Ten Commandments of Emergency Medicine

  1. Your first duty is to minimise the danger of death or deterioration in your patient’s health, to relieve their distress and to arrange for their appropriate disposal. Worry about distress and deterioration, not diagnosis
  2. Be meticulous, legible and logical in your clinical notes. This will help everyone else involved in the patient’s care, initially and later
  3. Wash your hands before every patient contact. This is the simplest way of reducing disease transmission
  4. Only undertake investigations in the ED if they are going to alter the immediate management of your patient. You may need to justify your actions (e.g. ordering x-rays or blood tests) to the individual patient (and family), in a clinical governance setting and in a court of law
  5. Be evidence-based, logical and cost-effective in your prescribing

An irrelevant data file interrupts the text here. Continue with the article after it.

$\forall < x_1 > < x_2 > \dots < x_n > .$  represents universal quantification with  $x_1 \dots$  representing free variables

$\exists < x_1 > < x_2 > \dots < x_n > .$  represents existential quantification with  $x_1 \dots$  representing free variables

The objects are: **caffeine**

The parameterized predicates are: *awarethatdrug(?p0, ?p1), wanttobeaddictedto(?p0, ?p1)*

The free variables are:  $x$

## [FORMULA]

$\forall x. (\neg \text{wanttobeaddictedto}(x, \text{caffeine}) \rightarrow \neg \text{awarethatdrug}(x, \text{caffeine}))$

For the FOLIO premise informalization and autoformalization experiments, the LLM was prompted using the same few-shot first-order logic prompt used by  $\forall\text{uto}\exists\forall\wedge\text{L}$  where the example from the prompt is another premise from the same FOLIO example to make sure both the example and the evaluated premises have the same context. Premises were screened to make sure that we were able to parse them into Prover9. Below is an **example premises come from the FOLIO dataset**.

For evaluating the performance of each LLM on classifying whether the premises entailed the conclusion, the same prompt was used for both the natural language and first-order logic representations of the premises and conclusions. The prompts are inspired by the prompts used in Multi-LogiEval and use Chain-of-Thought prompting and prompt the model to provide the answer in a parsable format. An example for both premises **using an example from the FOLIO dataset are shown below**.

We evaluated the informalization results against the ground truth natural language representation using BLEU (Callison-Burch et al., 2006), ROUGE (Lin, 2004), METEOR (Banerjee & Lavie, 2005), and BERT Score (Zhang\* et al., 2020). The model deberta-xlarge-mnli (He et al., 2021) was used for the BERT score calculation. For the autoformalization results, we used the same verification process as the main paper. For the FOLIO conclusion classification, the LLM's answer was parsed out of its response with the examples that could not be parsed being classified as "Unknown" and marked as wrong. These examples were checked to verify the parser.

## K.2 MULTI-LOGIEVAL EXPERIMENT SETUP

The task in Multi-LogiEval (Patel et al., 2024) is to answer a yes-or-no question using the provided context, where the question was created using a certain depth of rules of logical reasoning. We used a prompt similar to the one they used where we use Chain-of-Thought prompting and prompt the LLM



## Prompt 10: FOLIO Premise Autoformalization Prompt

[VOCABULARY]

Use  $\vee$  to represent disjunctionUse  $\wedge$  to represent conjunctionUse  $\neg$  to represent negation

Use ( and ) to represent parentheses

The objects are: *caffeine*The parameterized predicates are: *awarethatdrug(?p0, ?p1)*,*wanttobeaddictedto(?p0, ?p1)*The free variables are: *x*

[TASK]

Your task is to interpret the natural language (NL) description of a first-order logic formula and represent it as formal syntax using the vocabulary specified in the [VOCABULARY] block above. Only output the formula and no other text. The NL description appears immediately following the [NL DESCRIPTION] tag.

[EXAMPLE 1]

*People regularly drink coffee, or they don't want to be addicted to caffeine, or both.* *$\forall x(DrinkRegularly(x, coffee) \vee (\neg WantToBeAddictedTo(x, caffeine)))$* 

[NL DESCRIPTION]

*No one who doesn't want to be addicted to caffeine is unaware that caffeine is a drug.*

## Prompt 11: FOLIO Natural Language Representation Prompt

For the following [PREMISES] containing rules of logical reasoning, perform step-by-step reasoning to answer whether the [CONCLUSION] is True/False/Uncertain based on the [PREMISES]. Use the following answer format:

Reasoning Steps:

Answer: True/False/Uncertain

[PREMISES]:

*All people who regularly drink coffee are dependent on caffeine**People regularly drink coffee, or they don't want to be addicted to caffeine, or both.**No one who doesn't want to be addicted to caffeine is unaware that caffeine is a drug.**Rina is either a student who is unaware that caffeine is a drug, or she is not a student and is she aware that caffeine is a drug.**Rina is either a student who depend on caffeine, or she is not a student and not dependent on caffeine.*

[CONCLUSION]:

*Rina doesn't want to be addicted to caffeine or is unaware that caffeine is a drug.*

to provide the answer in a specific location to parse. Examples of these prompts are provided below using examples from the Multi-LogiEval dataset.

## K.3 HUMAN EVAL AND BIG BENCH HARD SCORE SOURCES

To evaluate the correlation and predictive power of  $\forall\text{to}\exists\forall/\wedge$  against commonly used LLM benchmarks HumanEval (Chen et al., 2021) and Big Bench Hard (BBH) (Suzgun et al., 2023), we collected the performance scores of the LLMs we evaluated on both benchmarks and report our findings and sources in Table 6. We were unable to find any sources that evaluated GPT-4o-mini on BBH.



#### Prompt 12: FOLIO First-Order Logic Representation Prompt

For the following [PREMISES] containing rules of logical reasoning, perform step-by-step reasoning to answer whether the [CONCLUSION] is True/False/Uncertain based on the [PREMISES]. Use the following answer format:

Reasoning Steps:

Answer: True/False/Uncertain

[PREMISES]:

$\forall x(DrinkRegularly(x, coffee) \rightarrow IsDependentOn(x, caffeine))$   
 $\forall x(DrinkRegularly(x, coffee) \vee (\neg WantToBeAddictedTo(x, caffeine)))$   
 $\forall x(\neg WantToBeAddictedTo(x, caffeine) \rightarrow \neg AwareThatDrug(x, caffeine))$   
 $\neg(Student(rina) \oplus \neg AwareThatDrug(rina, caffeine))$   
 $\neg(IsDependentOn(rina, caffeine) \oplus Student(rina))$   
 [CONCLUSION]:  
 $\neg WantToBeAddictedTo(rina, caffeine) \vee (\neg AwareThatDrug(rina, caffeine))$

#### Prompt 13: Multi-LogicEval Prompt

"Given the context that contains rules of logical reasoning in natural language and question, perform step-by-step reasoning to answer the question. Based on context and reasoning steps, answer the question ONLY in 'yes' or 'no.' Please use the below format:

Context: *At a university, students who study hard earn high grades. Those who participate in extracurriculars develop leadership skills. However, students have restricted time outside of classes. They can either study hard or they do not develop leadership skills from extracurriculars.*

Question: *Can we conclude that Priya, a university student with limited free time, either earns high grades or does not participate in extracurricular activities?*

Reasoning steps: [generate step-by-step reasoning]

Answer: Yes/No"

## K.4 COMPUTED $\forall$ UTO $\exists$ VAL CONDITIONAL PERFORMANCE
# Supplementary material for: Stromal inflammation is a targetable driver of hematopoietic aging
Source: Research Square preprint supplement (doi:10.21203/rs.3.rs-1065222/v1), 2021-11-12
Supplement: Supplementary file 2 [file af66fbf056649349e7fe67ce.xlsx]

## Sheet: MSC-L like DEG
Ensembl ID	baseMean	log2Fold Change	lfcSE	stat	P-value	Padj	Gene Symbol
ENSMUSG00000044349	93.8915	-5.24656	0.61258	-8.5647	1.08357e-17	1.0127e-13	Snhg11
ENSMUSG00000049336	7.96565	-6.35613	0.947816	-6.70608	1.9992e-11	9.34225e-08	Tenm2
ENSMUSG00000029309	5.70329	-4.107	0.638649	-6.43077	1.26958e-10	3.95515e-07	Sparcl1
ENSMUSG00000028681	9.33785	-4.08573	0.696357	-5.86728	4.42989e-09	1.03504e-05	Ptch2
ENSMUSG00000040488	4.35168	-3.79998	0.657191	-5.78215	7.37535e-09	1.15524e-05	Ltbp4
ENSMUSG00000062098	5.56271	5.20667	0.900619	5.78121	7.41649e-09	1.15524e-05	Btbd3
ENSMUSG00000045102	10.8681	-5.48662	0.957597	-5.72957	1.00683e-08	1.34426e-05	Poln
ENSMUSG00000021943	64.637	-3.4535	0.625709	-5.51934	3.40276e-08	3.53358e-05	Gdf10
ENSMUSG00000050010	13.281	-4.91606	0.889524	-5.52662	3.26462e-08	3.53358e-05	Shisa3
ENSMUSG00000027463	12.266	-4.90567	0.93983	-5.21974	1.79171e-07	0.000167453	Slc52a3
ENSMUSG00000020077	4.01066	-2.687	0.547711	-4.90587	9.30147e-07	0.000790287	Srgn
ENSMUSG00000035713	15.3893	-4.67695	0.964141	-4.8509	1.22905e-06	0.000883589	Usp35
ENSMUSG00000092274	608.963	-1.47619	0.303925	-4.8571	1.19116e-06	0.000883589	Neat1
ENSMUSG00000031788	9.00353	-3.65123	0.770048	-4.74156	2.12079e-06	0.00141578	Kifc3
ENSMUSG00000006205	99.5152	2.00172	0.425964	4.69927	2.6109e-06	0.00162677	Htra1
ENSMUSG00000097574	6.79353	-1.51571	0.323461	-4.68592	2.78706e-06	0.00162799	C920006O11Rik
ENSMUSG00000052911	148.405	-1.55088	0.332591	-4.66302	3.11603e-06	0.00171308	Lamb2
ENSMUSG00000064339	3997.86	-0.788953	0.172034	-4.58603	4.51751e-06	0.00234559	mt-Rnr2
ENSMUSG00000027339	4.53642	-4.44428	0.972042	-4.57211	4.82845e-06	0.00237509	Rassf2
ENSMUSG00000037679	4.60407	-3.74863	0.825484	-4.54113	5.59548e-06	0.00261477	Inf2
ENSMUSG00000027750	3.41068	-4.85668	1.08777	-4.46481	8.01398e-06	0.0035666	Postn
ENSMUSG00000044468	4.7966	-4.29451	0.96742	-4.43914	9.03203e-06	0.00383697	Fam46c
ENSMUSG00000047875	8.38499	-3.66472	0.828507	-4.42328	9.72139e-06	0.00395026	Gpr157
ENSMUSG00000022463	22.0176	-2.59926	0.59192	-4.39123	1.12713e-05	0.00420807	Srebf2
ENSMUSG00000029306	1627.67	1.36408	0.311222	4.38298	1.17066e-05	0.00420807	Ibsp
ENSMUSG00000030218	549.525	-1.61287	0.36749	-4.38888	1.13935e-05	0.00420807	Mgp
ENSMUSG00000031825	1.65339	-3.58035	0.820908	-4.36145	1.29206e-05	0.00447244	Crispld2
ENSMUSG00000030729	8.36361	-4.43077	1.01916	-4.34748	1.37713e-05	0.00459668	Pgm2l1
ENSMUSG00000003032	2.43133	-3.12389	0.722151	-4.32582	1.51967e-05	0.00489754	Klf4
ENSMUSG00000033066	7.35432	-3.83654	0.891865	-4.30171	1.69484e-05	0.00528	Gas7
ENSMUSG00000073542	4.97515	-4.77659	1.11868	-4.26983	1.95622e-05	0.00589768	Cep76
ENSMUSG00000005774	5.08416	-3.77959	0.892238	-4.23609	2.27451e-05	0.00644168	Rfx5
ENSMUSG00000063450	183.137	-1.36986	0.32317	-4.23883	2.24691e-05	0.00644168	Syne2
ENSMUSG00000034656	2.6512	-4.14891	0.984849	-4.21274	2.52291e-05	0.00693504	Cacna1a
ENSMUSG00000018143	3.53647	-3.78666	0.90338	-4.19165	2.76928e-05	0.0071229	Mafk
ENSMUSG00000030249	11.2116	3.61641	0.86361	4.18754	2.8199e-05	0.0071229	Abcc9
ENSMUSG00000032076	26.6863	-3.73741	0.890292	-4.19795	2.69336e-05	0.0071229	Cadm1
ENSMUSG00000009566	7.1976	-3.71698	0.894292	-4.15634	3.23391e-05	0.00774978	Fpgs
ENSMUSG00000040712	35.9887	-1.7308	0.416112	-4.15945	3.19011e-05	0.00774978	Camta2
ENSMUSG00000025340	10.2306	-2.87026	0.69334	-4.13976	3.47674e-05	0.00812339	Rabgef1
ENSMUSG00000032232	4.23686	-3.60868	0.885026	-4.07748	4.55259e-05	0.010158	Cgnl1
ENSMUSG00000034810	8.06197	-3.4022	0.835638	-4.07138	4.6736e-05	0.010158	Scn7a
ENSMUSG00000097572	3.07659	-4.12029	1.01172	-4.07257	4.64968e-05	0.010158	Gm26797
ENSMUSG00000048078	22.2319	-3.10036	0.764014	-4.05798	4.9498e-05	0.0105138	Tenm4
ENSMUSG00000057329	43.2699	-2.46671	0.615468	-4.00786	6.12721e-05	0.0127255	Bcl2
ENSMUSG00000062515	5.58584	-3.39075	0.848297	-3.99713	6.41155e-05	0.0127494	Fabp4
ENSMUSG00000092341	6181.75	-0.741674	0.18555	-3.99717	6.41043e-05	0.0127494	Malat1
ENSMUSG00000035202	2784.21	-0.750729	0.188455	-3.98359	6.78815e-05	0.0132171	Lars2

6. Follow the WHO recommended “analgesic step ladder” in relieving pain, i.e. (i) Paracetamol; (ii) Ibuprofen, (iii) Codeine-Paracetamol combinations (iv) Opioids. Only in unusual circumstances should alternative medication be provided (e.g.NEVER use Pethidine unless discussed with your consultant)
  7. Only undertake procedures whose benefit to the patient outweighs the hazard: e.g. Plaster of Paris should not be badly applied when a simple splint might do. And don’t give medication intravenously when normal gastrointestinal function exists, unless there are special indications
  8. Get advice or a review whenever in doubt: this means asking senior medical and nursing colleagues and communicating your plan of care to the nurses and your registrar. If a patient re-attends with the same problem ensure a senior clinical level review
  9. Advise follow-up for every patient: e.g. by their GP, if no other follow up arranged
  10. Treat the patient, not the test

Dr Chris Luke, Prof. Stephen Cusack

Content by Jason van der Veldt, Dr Íomhar O' Sullivan 03/07/2012. Last review Dr ÍOS 18/04/24.